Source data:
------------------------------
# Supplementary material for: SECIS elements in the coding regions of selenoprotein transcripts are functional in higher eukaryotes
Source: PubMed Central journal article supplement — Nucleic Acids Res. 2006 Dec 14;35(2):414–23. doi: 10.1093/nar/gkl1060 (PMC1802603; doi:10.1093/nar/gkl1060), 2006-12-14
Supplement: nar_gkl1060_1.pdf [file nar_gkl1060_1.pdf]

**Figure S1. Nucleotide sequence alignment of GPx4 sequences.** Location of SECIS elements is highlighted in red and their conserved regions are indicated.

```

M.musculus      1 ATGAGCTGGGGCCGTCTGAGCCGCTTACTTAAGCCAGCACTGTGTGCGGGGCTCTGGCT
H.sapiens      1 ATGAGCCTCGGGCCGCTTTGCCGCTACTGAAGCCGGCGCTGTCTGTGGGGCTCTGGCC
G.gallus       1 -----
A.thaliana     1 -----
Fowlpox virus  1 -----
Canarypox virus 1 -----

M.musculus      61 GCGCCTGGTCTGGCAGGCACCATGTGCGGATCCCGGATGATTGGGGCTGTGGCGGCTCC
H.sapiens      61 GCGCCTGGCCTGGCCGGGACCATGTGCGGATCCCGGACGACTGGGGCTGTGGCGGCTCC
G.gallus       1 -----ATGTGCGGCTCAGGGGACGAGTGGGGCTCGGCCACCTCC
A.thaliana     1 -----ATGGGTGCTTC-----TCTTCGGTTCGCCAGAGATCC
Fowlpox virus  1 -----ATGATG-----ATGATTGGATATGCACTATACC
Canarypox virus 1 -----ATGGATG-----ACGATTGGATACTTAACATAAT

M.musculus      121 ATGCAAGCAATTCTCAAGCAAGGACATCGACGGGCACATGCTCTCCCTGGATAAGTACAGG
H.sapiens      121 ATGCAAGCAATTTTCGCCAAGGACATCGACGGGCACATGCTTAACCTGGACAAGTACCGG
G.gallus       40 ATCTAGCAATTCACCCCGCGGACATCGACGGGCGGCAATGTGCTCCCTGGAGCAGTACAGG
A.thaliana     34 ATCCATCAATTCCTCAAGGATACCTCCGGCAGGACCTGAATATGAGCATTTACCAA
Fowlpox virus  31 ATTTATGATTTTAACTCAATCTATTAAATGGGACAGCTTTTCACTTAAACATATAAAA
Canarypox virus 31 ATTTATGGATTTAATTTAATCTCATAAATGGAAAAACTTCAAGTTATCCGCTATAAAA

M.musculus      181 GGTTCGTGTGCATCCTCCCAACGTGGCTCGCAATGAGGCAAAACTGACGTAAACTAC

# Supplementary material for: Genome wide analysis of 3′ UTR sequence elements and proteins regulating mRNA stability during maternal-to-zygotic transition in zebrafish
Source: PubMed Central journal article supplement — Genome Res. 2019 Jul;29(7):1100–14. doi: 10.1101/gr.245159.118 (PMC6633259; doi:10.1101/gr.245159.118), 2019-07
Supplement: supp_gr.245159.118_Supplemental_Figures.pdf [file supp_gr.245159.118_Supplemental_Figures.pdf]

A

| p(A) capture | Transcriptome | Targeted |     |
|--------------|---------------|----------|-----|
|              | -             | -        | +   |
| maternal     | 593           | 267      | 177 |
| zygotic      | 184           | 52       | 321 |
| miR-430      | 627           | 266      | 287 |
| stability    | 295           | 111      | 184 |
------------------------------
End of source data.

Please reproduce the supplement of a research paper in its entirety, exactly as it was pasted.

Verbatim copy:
# Supplementary material for: SECIS elements in the coding regions of selenoprotein transcripts are functional in higher eukaryotes
Source: PubMed Central journal article supplement — Nucleic Acids Res. 2006 Dec 14;35(2):414–23. doi: 10.1093/nar/gkl1060 (PMC1802603; doi:10.1093/nar/gkl1060), 2006-12-14
Supplement: nar_gkl1060_1.pdf [file nar_gkl1060_1.pdf]

**Figure S1. Nucleotide sequence alignment of GPx4 sequences.** Location of SECIS elements is highlighted in red and their conserved regions are indicated.

```

M.musculus      1 ATGAGCTGGGGCCGTCTGAGCCGCTTACTTAAGCCAGCACTGTGTGCGGGGCTCTGGCT
H.sapiens      1 ATGAGCCTCGGGCCGCTTTGCCGCTACTGAAGCCGGCGCTGTCTGTGGGGCTCTGGCC
G.gallus       1 -----
A.thaliana     1 -----
Fowlpox virus  1 -----
Canarypox virus 1 -----

M.musculus      61 GCGCCTGGTCTGGCAGGCACCATGTGCGGATCCCGGATGATTGGGGCTGTGGCGGCTCC
H.sapiens      61 GCGCCTGGCCTGGCCGGGACCATGTGCGGATCCCGGACGACTGGGGCTGTGGCGGCTCC
G.gallus       1 -----ATGTGCGGCTCAGGGGACGAGTGGGGCTCGGCCACCTCC
A.thaliana     1 -----ATGGGTGCTTC-----TCTTCGGTTCGCCAGAGATCC
Fowlpox virus  1 -----ATGATG-----ATGATTGGATATGCACTATACC
Canarypox virus 1 -----ATGGATG-----ACGATTGGATACTTAACATAAT

M.musculus      121 ATGCAAGCAATTCTCAAGCAAGGACATCGACGGGCACATGCTCTCCCTGGATAAGTACAGG
H.sapiens      121 ATGCAAGCAATTTTCGCCAAGGACATCGACGGGCACATGCTTAACCTGGACAAGTACCGG
G.gallus       40 ATCTAGCAATTCACCCCGCGGACATCGACGGGCGGCAATGTGCTCCCTGGAGCAGTACAGG
A.thaliana     34 ATCCATCAATTCCTCAAGGATACCTCCGGCAGGACCTGAATATGAGCATTTACCAA
Fowlpox virus  31 ATTTATGATTTTAACTCAATCTATTAAATGGGACAGCTTTTCACTTAAACATATAAAA
Canarypox virus 31 ATTTATGGATTTAATTTAATCTCATAAATGGAAAAACTTCAAGTTATCCGCTATAAAA

M.musculus      181 GGTTCGTGTGCATCCTCCCAACGTGGCTCGCAATGAGGCAAAACTGACGTAAACTAC

# Supplementary material for: Genome wide analysis of 3′ UTR sequence elements and proteins regulating mRNA stability during maternal-to-zygotic transition in zebrafish
Source: PubMed Central journal article supplement — Genome Res. 2019 Jul;29(7):1100–14. doi: 10.1101/gr.245159.118 (PMC6633259; doi:10.1101/gr.245159.118), 2019-07
Supplement: supp_gr.245159.118_Supplemental_Figures.pdf [file supp_gr.245159.118_Supplemental_Figures.pdf]

A

| p(A) capture | Transcriptome | Targeted |     |
|--------------|---------------|----------|-----|
|              | -             | -        | +   |
| maternal     | 593           | 267      | 177 |
| zygotic      | 184           | 52       | 321 |
| miR-430      | 627           | 266      | 287 |
| stability    | 295           | 111      | 184 |